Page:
Top GOP lawmakers take budget differences down to wire

MARC LEVY
Associated Press

HARRISBURG — Pennsylvania lawmakers are starting the second-to-last day of the state government’s fiscal year, as top Republicans say little about how they’ll deal with the state’s biggest cash shortfall since the recession.

FILE - This Wednesday, Oct. 7, 2015, file photo shows the Pennsylvania Capitol building in Harrisburg. (AP Photo/Matt Rourke)

Preliminary votes were possible Thursday on a yet-to-be-revealed compromise spending plan of approximately $32 billion in the 2017-18 fiscal year. Rank-and-file lawmakers have received little information about closed-door negotiations, as House and Senate Republican majority leaders try to sort out disagreements.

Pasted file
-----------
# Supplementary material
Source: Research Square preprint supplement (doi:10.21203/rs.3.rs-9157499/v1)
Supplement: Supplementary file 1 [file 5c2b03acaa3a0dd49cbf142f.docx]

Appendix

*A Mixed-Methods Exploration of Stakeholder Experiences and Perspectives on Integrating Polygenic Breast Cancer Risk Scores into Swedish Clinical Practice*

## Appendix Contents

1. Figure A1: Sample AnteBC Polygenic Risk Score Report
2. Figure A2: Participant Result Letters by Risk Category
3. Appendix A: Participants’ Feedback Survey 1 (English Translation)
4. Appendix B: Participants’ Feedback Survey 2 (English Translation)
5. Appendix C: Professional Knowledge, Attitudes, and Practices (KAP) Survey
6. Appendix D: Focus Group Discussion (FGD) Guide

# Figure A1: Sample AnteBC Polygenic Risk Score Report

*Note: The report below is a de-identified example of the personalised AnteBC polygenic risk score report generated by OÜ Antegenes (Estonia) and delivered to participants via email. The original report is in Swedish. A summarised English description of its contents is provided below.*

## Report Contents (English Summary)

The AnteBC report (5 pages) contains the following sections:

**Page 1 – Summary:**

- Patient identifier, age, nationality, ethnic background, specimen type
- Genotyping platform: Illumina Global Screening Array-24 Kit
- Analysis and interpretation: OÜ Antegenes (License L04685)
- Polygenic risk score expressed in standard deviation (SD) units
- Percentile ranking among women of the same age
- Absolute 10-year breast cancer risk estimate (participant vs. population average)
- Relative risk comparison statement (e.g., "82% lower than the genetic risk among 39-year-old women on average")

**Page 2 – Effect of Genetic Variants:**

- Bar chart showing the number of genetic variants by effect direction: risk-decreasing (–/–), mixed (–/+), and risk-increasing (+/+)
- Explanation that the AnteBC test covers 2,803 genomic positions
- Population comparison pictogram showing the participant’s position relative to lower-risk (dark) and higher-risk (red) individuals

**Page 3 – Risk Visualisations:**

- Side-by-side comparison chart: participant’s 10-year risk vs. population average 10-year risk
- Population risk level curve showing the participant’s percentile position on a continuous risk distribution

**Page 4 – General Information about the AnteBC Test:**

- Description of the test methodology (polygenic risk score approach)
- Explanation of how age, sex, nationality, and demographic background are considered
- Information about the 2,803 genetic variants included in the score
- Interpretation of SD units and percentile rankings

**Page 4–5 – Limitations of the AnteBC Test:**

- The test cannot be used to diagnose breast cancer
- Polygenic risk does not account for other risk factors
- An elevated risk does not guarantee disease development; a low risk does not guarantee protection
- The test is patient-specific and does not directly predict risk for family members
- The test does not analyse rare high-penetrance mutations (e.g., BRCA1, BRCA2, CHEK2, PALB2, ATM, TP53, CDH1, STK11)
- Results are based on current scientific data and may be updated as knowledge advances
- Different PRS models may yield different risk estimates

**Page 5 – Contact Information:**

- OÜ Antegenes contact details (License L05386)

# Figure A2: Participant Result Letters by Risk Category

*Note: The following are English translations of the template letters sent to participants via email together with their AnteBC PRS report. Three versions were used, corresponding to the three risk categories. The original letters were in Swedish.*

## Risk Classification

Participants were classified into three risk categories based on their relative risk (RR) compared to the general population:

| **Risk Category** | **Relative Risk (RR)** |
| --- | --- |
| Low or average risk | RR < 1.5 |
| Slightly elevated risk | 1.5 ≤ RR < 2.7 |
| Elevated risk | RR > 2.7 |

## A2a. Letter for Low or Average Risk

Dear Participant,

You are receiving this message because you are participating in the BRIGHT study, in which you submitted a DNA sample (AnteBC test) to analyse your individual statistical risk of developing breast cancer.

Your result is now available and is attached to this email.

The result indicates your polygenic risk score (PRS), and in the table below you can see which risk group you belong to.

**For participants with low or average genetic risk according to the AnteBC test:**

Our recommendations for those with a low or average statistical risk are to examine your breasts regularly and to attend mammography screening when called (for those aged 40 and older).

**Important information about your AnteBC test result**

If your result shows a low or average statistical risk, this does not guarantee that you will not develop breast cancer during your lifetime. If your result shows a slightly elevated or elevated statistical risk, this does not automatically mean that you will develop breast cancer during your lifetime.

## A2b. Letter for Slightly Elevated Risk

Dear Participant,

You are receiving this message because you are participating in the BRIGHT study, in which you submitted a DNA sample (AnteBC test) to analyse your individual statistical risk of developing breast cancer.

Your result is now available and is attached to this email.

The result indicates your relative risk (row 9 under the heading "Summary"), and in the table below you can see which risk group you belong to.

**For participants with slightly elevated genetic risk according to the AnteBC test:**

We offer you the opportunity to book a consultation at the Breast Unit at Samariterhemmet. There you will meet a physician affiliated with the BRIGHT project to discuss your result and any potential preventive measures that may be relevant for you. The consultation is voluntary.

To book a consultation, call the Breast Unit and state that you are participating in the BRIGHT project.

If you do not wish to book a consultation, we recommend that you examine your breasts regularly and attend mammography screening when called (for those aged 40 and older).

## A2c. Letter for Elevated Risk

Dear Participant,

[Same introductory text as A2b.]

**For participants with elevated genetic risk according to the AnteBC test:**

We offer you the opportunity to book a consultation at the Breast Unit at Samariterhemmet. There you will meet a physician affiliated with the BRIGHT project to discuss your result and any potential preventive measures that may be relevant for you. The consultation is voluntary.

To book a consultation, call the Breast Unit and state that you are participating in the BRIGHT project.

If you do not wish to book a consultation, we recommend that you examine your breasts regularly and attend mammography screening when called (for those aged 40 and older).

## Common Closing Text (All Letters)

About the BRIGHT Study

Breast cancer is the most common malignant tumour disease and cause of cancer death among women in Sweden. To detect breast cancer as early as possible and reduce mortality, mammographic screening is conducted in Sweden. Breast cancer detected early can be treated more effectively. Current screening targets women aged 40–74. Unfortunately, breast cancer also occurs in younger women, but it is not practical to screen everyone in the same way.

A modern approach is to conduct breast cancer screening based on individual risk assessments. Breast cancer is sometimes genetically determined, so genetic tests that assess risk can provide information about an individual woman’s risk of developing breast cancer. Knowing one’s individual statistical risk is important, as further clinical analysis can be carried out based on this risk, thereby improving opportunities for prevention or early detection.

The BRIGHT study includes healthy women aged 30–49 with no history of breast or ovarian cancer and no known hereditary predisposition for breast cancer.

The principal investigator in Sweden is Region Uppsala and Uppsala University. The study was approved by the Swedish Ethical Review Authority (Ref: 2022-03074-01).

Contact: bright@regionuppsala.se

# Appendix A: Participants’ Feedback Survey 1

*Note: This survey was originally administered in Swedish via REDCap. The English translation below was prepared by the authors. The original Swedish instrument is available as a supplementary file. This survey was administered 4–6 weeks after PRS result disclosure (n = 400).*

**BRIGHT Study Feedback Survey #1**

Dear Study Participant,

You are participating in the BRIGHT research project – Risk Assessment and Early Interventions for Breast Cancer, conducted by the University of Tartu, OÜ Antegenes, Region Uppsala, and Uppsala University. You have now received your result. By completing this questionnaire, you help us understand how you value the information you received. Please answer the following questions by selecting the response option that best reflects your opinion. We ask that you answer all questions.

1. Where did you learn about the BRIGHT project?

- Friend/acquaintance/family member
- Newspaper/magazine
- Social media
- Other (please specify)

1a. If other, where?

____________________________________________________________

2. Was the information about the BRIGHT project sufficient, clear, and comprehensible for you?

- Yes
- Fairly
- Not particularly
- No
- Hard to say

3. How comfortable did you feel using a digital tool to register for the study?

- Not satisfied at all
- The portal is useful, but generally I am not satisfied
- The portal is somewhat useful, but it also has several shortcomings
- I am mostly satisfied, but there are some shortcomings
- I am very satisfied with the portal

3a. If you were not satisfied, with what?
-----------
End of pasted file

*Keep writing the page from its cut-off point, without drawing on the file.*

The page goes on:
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Negotiations over how to find the $2-plus billion in cash they’ll need to prop up spending appear likely to drag into July.

The spending plan could mean belt-tightening or cuts across programs and agencies, while anti-tax Republicans look to more casino-style gambling and borrowing for money.